This was issued by The City of Edinburgh Council (CEC) in October 2003 in response to a request from one owner in our block who planned to sell and did so before this Statutory Notice was in the absence of agreement from owners enforced by CEC in March 2005.
I sold my own property in June 2006 and became liable under the terms of the sale for the cost of works required under the specific Statutory Notice, with £17,000 retained from the proceeds of the sale to cover the estimated cost.
At that stage CEC proposals for the work were not clearly specified, The works were specified by a contractor surveyor who would – in a clear conflict of interest – receive a percentage of the spend as their fee. The CEC department responsible also charged a percentage based fee for administering the project as the client on behalf of the property owners.
I challenged the scope of the works later in 2006 having identified many of the proposed works as being not prescribed by the notice and informed the new owner of this position. I was given assurances by CEC that additional works would be covered by additional notices which would be served to the new owner of the premises.
Works were completed in early 2007 and accounts were raised to the then owners after a considerable delay in 2008 with no further notices having been served on the then owners for any additional works not prescribed by the original notice. I became liable for the cost of all of the works and formally complained to CEC.
CEC firstly denied that the additional works were not covered by the notice and then suggested that they fell within some accepted “rule of thumb”. After the involvement of an elected member CEC offered a small unconditional reduction for some of the charges that were not prescribed. I continued to dispute the charges and withheld payment until a threat of legal action from my buyer forced payment to be released, under considerable duress, in March 2011.
CEC has in the meantime undertaken an internal review of the Statutory Notice service and the service has been suspended. The department – Property Conservation – has been the subject of a police investigation which found that the staff accepted favours from contractors, held utopian views on their responsibility to conserve the city’s architectural heritage and were being encouraged by their superiors to increase revenues derived from the service. Staff have been sacked, suspended or given early retirement. CEC has commissioned a number of resolution initiatives that have not resolved this dispute.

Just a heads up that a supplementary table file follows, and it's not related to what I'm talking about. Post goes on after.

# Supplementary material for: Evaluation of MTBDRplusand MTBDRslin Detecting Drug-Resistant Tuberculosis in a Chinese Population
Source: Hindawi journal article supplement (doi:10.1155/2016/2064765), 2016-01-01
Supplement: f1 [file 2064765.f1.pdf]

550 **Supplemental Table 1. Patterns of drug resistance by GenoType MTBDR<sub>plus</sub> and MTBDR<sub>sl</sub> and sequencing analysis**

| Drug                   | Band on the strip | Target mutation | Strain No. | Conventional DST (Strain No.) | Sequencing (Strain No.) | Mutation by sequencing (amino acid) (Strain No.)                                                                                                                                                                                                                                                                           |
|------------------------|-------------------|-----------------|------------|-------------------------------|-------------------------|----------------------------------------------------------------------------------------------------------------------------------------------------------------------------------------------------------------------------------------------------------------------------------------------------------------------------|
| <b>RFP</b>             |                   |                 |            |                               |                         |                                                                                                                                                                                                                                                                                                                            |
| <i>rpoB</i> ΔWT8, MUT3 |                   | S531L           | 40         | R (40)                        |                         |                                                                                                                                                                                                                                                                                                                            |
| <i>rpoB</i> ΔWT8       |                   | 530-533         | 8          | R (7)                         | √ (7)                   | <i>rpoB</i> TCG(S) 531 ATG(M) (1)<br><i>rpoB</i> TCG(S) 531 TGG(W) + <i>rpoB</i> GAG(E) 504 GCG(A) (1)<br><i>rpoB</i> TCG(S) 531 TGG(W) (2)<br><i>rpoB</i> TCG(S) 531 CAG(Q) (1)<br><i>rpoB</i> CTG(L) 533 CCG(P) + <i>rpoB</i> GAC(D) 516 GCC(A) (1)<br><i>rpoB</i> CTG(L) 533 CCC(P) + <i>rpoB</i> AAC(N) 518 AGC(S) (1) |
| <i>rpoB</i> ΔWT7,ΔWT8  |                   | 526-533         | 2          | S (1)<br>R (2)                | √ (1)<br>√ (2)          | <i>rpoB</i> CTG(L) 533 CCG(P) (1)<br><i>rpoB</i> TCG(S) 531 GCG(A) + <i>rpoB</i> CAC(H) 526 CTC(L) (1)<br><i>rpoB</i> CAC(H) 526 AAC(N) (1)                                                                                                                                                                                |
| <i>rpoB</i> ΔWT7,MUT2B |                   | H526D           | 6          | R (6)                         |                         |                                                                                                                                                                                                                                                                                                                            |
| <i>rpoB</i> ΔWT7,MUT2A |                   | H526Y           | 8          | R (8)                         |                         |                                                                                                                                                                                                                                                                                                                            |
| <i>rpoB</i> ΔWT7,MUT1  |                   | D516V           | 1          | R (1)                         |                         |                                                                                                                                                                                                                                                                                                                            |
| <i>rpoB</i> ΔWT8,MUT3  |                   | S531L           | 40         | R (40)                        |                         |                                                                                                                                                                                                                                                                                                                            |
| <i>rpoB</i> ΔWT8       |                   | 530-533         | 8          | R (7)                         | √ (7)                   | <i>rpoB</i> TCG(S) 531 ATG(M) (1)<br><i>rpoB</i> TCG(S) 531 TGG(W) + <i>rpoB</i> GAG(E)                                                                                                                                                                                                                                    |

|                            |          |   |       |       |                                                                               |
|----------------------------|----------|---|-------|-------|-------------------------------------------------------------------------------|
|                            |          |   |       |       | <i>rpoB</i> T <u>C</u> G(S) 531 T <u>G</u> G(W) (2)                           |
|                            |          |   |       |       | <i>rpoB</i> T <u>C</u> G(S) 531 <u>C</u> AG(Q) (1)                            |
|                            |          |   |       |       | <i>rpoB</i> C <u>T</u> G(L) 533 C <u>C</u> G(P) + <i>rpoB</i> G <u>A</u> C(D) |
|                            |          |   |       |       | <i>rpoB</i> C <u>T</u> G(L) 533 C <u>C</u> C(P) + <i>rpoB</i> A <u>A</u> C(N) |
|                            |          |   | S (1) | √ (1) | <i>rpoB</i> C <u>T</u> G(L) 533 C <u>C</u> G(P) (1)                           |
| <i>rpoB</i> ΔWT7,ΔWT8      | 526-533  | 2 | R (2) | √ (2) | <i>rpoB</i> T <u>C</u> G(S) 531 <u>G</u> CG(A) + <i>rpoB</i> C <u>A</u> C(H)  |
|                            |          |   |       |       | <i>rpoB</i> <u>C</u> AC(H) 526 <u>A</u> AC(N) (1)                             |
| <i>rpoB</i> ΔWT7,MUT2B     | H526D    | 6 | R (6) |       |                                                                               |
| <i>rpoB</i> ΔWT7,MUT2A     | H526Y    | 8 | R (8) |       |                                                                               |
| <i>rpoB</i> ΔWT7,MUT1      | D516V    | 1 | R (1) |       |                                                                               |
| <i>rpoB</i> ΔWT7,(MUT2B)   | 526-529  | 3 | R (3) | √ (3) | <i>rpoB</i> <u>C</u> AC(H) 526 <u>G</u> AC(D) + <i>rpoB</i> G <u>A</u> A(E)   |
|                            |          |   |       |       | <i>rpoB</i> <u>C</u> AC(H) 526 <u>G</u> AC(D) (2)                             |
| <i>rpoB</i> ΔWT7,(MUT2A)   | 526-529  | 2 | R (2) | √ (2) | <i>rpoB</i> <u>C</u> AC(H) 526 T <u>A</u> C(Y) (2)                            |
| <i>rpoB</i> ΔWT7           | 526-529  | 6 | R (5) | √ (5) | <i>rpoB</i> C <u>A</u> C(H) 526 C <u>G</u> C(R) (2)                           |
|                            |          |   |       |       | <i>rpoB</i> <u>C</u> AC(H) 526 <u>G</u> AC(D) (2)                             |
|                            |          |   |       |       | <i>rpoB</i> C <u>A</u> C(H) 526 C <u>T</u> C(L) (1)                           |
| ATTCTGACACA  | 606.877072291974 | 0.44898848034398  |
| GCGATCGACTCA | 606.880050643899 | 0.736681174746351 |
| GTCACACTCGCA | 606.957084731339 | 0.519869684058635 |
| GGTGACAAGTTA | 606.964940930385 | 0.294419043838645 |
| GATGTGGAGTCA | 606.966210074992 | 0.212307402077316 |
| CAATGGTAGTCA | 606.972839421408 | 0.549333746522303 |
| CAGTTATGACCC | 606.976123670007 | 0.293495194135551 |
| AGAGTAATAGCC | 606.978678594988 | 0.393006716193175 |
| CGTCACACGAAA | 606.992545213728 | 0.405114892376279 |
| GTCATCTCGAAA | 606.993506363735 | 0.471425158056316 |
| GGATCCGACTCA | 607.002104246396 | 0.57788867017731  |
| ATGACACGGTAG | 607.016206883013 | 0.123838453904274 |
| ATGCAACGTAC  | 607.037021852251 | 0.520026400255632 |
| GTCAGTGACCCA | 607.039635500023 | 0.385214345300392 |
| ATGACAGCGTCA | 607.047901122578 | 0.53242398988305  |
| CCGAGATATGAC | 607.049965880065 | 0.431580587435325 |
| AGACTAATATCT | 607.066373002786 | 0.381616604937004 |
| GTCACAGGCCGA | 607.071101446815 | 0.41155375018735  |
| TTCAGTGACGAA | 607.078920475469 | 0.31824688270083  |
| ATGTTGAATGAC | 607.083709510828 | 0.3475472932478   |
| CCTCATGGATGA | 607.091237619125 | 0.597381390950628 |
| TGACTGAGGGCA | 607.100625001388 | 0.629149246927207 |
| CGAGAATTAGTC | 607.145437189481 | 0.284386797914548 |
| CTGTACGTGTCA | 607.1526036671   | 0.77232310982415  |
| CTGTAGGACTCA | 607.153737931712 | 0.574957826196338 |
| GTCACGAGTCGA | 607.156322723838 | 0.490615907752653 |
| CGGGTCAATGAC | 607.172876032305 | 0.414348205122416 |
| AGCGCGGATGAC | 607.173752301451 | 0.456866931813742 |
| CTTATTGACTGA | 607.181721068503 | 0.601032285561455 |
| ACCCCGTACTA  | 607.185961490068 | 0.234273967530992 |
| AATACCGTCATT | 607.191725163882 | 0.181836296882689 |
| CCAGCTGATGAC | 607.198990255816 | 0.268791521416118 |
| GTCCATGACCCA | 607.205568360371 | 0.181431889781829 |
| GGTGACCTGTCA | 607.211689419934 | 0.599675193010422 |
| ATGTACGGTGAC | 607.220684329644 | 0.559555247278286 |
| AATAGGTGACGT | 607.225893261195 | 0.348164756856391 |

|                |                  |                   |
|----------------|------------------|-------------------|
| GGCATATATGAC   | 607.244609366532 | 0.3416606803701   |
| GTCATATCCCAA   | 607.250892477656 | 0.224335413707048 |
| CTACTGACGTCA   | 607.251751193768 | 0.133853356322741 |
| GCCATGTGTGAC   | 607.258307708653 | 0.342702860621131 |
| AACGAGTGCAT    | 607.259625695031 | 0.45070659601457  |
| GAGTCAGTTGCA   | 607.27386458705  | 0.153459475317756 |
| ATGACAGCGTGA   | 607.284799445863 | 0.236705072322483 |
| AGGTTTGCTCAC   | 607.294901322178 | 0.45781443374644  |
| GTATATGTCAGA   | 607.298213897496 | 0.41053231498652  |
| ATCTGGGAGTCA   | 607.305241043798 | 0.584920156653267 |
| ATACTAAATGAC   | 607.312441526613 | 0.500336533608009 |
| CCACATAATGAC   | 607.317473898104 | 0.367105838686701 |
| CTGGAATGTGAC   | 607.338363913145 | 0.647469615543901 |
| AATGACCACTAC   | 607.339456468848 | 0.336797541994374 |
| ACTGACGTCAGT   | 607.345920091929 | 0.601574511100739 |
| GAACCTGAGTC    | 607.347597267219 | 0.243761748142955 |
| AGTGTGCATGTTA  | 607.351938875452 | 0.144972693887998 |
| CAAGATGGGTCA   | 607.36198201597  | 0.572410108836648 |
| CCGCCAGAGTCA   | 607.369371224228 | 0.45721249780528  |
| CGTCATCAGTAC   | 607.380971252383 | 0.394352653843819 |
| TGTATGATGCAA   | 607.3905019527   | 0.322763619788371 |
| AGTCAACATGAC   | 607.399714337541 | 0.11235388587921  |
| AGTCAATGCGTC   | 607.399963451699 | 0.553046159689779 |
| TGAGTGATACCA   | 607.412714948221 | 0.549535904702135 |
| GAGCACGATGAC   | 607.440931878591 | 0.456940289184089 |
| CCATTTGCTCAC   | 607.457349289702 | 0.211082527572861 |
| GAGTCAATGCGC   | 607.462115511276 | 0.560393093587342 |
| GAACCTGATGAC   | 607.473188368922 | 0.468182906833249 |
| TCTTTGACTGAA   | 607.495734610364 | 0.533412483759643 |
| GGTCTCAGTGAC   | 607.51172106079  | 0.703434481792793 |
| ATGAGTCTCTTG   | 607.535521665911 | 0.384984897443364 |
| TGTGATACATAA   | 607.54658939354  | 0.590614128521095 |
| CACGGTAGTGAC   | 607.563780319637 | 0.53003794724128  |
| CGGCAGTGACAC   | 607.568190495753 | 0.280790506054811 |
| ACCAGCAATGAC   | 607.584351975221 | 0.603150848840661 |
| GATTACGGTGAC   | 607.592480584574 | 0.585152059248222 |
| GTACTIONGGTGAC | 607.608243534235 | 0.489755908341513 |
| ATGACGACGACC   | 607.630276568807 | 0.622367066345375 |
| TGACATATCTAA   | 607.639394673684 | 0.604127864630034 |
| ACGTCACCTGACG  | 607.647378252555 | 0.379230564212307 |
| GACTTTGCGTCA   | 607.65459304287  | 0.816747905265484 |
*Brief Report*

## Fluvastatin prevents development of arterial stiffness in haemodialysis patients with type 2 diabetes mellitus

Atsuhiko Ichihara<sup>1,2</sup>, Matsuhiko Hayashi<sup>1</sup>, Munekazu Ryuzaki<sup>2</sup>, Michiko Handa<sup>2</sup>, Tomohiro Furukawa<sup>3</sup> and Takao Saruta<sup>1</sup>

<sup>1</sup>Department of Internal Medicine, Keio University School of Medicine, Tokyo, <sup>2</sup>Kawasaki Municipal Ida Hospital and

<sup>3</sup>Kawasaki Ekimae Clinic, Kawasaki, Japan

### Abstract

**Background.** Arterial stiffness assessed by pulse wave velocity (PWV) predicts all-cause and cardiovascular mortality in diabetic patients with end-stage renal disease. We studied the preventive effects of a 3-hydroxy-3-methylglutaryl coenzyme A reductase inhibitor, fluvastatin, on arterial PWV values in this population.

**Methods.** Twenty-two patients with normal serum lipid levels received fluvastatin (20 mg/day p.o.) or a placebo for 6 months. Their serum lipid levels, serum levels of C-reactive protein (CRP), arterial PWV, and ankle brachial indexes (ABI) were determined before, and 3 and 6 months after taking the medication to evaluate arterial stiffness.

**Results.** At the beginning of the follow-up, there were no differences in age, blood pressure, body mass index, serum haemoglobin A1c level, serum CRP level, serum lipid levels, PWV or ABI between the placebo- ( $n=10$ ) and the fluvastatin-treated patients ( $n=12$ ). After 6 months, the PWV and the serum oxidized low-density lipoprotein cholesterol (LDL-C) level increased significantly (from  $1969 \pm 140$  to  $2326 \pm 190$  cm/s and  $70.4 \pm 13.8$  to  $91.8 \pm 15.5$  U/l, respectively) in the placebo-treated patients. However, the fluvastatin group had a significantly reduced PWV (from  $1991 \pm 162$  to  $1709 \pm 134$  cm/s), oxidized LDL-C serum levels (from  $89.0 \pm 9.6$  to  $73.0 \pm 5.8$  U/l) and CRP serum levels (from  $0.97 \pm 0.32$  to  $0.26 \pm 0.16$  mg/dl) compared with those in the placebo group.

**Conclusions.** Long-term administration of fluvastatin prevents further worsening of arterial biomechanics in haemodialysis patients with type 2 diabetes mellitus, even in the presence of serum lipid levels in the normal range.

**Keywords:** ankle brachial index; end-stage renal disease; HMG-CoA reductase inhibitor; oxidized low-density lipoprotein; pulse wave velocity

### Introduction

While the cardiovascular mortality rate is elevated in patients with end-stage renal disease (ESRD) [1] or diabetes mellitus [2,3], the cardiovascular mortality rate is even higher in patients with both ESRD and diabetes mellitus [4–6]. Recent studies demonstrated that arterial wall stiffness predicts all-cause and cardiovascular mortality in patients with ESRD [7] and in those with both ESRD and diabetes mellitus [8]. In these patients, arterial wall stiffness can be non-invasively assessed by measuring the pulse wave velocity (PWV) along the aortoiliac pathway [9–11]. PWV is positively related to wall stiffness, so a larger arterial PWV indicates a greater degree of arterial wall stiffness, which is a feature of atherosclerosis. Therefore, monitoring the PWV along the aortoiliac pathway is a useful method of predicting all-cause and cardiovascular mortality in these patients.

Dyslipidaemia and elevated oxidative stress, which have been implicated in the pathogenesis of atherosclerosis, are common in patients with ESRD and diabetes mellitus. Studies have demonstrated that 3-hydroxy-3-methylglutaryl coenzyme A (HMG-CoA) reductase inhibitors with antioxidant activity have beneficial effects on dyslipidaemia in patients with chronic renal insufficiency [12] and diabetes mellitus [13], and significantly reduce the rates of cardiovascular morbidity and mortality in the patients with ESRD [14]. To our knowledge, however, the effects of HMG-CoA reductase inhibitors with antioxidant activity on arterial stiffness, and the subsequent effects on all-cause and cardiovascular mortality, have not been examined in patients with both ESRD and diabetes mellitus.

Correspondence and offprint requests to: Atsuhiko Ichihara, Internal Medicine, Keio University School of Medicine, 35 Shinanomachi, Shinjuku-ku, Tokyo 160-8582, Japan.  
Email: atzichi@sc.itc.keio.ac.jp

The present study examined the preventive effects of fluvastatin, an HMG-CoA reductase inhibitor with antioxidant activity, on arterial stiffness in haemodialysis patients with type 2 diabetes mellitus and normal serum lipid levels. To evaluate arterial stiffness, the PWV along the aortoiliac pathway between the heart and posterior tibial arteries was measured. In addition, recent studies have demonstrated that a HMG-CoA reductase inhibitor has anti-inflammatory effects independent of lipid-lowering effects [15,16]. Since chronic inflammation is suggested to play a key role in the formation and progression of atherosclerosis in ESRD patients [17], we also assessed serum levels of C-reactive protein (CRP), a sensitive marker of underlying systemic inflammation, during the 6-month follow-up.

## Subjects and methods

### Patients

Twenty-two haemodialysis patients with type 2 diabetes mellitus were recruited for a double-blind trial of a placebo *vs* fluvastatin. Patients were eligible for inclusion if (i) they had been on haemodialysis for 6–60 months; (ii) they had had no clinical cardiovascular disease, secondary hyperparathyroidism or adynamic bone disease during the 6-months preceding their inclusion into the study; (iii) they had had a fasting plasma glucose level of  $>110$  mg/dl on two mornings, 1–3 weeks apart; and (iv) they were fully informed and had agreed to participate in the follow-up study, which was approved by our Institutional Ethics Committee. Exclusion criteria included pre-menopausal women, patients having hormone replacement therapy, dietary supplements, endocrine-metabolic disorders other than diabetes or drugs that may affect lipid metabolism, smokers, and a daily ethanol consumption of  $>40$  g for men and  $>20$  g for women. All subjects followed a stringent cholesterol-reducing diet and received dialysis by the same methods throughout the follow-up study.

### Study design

In that time I have corresponded regularly and at length with more than 30 staff and officials from CEC. I have been invited to attend meetings to discuss the dispute and has devoted considerable time and effort into exposing a scandal which has affected thousands of Edinburgh property owners. All of this yielded no progress at all until 2014 when CEC engaged Deloittes to conduct a review of disputed projects which in this case reported that items of work totalling around £5,000 were not in fact prescribed by the Statutory Notice. CEC made a ‘without prejudice’ offer based on this which was unacceptable to me.
I engaged a professional surveyor to assess the project including photographic evidence offered by CEC in support of the works. The surveyor has reported that in his opinion many more items of work worth perhaps another £5,000 were either not prescribed by the Statutory Notice or were not required.
I asked CEC to unconditionally repay the cost of the works they had identified with interest. This was declined and I was told that the settlement offer had now lapsed. I also raised the issues identified by my surveyor. These claims were not addressed.